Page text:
Members of the Maine chapter of the American Institute of Architects visited the Lincoln Academy campus Thursday, Sept. 15 for a tour of the Cable-Burns Applied Technology and Engineering Center.
Each year, members of the chapter tour a couple of buildings around the state that the organization recognizes for their importance in terms of both design and the building’s place in the community, according to Tor Glendinning, principal architect at 44 Degrees North LLC in Newcastle.
Glendinning graduated from Lincoln Academy in 1990. He designed both the ATEC building and the academy’s new dormitory.
The 10,300-square-foot ATEC building houses programs in science, technology, engineering, mathematics, and the arts. Courses are also offered to the community after school and during the weekend.
The three-story dormitory has an approximately 10,000-square-foot footprint. The building houses students from around the world who are attending the academy.
Together, the two buildings are the first free-standing buildings on the campus since 1834, Glendinning said. The two buildings cost a total of about $10 million.
One of the members of the American Institute of Architects’ Maine chapter contacted Glendinning back in the spring to talk about arranging a tour of the ATEC building. The Maine chapter also recently visited the Capital Judicial Center in Augusta as well as the Center for Maine Contemporary Art in Rockland, Glendinning said.
“The fact that Lincoln Academy gets put into a list of buildings like those is remarkable,” Glendinning said.
“Back when I was in school I was thinking about architects and the grander profession. When you’re 18, they seem like rock stars. You’re asking how to become one of these guys or women, and before you know it, you’re being recognized by the people who were your inspiration. It feels pretty special to have colleagues and peers in my profession recognize the work.”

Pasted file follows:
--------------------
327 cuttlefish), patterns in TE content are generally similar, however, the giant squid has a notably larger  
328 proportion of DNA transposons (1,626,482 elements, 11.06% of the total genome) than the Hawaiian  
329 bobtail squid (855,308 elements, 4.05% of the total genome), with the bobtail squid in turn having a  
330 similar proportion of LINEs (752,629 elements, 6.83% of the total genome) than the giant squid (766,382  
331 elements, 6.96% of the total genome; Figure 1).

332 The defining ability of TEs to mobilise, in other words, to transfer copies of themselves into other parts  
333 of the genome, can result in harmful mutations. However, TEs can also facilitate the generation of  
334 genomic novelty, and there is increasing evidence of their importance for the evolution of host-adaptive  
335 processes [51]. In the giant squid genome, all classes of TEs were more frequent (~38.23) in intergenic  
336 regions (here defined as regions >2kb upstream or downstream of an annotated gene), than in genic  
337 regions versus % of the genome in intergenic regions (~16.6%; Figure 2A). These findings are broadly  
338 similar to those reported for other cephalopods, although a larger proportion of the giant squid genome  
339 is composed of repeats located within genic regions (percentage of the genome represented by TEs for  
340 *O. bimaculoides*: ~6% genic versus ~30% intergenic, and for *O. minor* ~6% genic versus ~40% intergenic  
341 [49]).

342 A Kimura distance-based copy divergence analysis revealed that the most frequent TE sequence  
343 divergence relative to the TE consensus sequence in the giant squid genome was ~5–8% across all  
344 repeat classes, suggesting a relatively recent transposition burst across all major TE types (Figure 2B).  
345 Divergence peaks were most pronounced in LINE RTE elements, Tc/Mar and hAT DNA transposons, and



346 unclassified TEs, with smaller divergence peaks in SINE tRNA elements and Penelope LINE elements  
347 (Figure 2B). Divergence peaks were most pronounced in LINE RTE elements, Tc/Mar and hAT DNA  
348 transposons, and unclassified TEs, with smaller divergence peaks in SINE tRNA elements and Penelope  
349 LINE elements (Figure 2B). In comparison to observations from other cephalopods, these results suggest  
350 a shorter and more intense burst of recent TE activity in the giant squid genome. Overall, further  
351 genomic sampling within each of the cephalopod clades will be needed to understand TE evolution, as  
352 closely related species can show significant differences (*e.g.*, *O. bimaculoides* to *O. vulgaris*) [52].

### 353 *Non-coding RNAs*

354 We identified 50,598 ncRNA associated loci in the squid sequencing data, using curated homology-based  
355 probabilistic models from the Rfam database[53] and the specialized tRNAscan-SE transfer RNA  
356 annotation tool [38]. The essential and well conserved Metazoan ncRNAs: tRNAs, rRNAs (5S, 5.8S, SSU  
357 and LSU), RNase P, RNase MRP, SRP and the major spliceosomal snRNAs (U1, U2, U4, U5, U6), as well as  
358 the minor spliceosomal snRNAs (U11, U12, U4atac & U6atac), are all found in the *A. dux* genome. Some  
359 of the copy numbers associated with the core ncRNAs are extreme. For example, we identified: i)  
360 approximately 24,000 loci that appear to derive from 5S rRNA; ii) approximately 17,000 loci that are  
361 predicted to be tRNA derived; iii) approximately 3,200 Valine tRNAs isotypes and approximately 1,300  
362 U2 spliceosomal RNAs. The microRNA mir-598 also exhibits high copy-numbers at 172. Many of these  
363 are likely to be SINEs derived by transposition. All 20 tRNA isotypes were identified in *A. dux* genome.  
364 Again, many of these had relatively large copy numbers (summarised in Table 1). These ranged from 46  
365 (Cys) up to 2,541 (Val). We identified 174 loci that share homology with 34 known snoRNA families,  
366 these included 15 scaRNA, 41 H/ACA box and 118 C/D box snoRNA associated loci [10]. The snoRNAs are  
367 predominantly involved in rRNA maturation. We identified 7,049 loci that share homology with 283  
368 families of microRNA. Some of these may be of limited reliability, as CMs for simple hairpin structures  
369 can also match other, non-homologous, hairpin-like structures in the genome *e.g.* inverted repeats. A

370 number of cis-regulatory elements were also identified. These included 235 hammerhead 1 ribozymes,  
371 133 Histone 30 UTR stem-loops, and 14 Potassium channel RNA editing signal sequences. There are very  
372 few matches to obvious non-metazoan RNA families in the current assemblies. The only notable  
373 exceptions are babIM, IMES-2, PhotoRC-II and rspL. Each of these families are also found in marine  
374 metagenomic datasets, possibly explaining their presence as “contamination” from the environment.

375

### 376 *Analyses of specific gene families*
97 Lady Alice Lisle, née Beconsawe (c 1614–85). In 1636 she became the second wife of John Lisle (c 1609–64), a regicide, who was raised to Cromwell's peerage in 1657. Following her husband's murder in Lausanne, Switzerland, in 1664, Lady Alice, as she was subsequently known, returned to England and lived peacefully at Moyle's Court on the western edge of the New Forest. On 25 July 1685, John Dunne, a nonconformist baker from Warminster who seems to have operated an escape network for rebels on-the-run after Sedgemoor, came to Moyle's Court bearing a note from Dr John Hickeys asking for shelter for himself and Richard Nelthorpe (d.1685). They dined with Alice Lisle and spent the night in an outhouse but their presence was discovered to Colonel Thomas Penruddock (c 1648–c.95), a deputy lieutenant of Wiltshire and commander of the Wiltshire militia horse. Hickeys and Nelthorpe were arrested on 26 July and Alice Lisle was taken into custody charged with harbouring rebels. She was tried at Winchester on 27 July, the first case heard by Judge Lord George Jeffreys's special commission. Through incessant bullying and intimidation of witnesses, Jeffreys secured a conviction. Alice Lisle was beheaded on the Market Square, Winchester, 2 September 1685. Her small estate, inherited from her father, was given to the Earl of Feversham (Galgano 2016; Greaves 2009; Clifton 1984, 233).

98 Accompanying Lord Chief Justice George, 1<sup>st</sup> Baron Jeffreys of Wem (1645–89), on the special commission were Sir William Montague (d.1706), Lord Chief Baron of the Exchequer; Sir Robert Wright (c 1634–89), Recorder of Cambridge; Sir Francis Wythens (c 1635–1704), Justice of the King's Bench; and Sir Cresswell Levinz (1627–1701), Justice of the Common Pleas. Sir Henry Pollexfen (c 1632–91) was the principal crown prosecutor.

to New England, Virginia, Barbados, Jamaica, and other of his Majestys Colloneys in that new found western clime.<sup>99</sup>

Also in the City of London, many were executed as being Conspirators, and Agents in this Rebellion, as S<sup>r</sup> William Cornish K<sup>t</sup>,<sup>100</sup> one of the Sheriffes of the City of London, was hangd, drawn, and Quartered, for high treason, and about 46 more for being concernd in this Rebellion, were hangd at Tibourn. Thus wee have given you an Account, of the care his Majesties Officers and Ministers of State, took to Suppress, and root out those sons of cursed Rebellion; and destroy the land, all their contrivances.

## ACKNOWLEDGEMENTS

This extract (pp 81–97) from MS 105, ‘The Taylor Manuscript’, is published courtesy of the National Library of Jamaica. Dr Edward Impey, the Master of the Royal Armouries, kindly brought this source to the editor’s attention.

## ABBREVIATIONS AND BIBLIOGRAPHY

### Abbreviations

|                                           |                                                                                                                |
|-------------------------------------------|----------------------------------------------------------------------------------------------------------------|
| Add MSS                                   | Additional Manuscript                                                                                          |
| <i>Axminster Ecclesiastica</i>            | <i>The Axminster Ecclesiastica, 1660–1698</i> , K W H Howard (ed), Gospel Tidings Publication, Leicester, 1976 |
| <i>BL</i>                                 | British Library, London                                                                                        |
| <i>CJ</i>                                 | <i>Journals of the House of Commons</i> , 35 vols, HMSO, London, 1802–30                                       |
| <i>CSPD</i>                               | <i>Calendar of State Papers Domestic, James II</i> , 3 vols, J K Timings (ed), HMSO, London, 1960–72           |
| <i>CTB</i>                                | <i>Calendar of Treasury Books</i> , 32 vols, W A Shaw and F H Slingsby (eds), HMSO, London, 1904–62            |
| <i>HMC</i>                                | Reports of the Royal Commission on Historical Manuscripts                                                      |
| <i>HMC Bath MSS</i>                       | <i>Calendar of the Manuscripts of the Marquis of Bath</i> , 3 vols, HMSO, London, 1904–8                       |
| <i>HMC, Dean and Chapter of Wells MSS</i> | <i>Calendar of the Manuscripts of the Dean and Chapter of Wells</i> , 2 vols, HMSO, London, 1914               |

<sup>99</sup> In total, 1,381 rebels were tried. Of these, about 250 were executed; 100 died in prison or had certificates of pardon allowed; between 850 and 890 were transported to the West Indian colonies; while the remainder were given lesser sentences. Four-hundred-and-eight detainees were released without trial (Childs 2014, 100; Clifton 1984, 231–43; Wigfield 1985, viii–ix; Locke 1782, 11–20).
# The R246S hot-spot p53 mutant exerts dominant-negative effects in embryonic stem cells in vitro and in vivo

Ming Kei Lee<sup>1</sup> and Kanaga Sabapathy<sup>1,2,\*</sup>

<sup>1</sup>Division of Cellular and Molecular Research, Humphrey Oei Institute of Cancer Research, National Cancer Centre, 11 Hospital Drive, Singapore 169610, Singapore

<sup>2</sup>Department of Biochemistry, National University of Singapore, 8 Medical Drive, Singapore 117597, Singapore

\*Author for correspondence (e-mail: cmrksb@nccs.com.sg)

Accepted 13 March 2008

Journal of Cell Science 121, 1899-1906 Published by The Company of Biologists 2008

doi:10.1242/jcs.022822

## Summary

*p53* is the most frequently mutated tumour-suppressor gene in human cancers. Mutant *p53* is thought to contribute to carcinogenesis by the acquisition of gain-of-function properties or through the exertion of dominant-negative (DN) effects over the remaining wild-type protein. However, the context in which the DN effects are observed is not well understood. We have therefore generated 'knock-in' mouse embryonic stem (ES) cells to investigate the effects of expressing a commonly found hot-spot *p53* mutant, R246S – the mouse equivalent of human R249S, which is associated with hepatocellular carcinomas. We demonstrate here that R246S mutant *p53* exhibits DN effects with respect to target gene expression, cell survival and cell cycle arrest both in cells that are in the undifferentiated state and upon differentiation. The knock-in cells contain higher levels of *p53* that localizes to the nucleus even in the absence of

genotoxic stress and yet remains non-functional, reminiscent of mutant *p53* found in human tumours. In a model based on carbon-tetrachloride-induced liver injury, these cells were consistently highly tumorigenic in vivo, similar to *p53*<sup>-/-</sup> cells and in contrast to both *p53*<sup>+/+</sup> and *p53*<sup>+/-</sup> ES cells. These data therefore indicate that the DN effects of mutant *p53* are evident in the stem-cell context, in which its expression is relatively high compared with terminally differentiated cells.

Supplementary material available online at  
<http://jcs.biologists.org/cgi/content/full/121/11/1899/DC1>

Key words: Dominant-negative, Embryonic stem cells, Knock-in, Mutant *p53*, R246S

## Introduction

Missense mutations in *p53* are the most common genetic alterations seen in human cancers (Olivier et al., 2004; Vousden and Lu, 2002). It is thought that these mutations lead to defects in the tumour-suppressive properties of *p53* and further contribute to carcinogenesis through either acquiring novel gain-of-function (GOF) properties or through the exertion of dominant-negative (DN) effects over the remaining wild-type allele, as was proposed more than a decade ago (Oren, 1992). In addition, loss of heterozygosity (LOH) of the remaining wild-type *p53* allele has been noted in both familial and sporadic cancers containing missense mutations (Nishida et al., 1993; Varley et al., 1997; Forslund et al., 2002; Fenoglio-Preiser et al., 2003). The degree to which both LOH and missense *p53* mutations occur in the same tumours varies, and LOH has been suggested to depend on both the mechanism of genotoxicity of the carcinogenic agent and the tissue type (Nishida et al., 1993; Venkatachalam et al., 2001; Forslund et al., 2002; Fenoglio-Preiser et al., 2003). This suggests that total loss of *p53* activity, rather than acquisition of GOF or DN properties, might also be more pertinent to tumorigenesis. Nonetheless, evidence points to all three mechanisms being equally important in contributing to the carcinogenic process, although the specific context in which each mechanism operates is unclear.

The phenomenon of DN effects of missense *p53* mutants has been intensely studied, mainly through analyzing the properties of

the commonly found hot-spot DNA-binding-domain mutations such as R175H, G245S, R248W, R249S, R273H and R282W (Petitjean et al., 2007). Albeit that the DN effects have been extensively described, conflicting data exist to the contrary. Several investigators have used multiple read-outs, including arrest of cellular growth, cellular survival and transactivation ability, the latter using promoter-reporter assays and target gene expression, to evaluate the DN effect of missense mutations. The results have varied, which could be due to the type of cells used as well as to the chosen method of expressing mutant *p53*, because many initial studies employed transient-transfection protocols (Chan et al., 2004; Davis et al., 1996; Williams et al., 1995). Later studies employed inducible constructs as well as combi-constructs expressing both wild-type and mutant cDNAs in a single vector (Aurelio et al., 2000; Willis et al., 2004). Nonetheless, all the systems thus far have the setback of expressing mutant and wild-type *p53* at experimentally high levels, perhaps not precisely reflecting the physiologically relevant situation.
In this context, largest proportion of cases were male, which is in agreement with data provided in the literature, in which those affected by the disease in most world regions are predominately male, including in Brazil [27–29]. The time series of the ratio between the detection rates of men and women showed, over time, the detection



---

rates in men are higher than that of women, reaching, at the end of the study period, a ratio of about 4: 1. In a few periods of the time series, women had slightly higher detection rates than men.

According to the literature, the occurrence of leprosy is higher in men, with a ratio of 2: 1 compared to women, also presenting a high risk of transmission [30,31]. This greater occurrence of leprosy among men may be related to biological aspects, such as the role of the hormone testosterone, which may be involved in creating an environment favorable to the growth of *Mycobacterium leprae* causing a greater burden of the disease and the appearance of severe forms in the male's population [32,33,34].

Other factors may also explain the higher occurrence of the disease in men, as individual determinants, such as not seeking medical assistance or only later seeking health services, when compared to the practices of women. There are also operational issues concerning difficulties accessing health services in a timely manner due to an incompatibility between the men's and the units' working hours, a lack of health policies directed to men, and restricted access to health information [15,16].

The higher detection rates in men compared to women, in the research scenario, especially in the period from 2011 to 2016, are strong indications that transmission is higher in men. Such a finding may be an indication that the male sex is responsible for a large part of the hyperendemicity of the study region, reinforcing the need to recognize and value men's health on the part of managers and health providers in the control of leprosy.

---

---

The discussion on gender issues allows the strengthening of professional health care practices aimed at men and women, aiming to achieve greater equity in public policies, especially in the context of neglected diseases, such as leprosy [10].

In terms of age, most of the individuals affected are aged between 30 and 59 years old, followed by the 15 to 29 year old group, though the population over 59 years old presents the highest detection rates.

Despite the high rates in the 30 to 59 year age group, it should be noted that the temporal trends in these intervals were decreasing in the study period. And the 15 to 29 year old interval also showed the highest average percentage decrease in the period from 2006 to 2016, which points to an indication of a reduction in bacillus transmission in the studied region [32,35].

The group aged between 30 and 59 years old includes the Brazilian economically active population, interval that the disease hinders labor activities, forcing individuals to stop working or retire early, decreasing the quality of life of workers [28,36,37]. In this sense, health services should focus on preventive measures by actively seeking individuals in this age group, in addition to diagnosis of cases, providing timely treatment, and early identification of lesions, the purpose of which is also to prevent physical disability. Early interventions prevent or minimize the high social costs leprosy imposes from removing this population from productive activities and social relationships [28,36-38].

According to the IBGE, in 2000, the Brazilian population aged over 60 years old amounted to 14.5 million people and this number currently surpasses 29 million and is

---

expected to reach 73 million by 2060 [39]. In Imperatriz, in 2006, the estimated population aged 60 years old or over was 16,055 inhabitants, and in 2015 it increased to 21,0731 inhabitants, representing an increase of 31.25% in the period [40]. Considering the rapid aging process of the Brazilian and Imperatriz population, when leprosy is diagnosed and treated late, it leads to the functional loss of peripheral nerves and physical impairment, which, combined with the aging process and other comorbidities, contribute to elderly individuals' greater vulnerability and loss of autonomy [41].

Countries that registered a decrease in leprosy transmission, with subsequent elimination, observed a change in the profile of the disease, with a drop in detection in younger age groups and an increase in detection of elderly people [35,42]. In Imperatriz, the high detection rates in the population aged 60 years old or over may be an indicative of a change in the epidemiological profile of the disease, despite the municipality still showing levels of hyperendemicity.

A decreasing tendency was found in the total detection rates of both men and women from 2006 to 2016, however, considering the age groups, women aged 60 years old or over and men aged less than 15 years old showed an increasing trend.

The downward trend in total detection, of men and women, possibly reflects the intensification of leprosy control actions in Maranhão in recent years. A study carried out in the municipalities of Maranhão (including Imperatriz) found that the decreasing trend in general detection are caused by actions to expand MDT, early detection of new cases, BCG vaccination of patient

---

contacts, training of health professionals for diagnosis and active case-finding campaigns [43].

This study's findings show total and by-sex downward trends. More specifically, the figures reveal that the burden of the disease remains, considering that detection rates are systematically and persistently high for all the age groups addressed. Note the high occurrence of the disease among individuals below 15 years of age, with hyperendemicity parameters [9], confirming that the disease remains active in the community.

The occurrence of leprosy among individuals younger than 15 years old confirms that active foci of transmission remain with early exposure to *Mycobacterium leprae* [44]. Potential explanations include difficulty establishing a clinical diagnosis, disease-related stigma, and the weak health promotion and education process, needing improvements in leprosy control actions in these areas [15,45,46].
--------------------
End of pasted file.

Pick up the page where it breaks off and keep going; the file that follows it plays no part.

One of the features of the ATEC building that make it unique is its geothermal heating and cooling system. The building is tucked into a hillside, which reduces the site’s footprint and the amount of energy needed to heat or cool the building, Glendinning said.
“The tech center is supposed to be cutting edge, and this is a good example of what buildings could be in the future,” Glendinning said.
Matt Goetting, Lincoln Academy’s associate head for external affairs, and Maya Crosby, the school’s director of innovation and technology, both spoke to the tour group about the school’s use of the building. One of the school’s goals is to have every student take at least one class in the ATEC center during his or her time at Lincoln Academy.
“According to Maya and Matt, the building is satisfying their curriculum and it’s really working for them,” Glendinning said. “The spaces are big enough they can move equipment around and adapt the spaces to what they’re teaching.”
After the tour of the ATEC building, Glendinning took the visitors through the dormitory.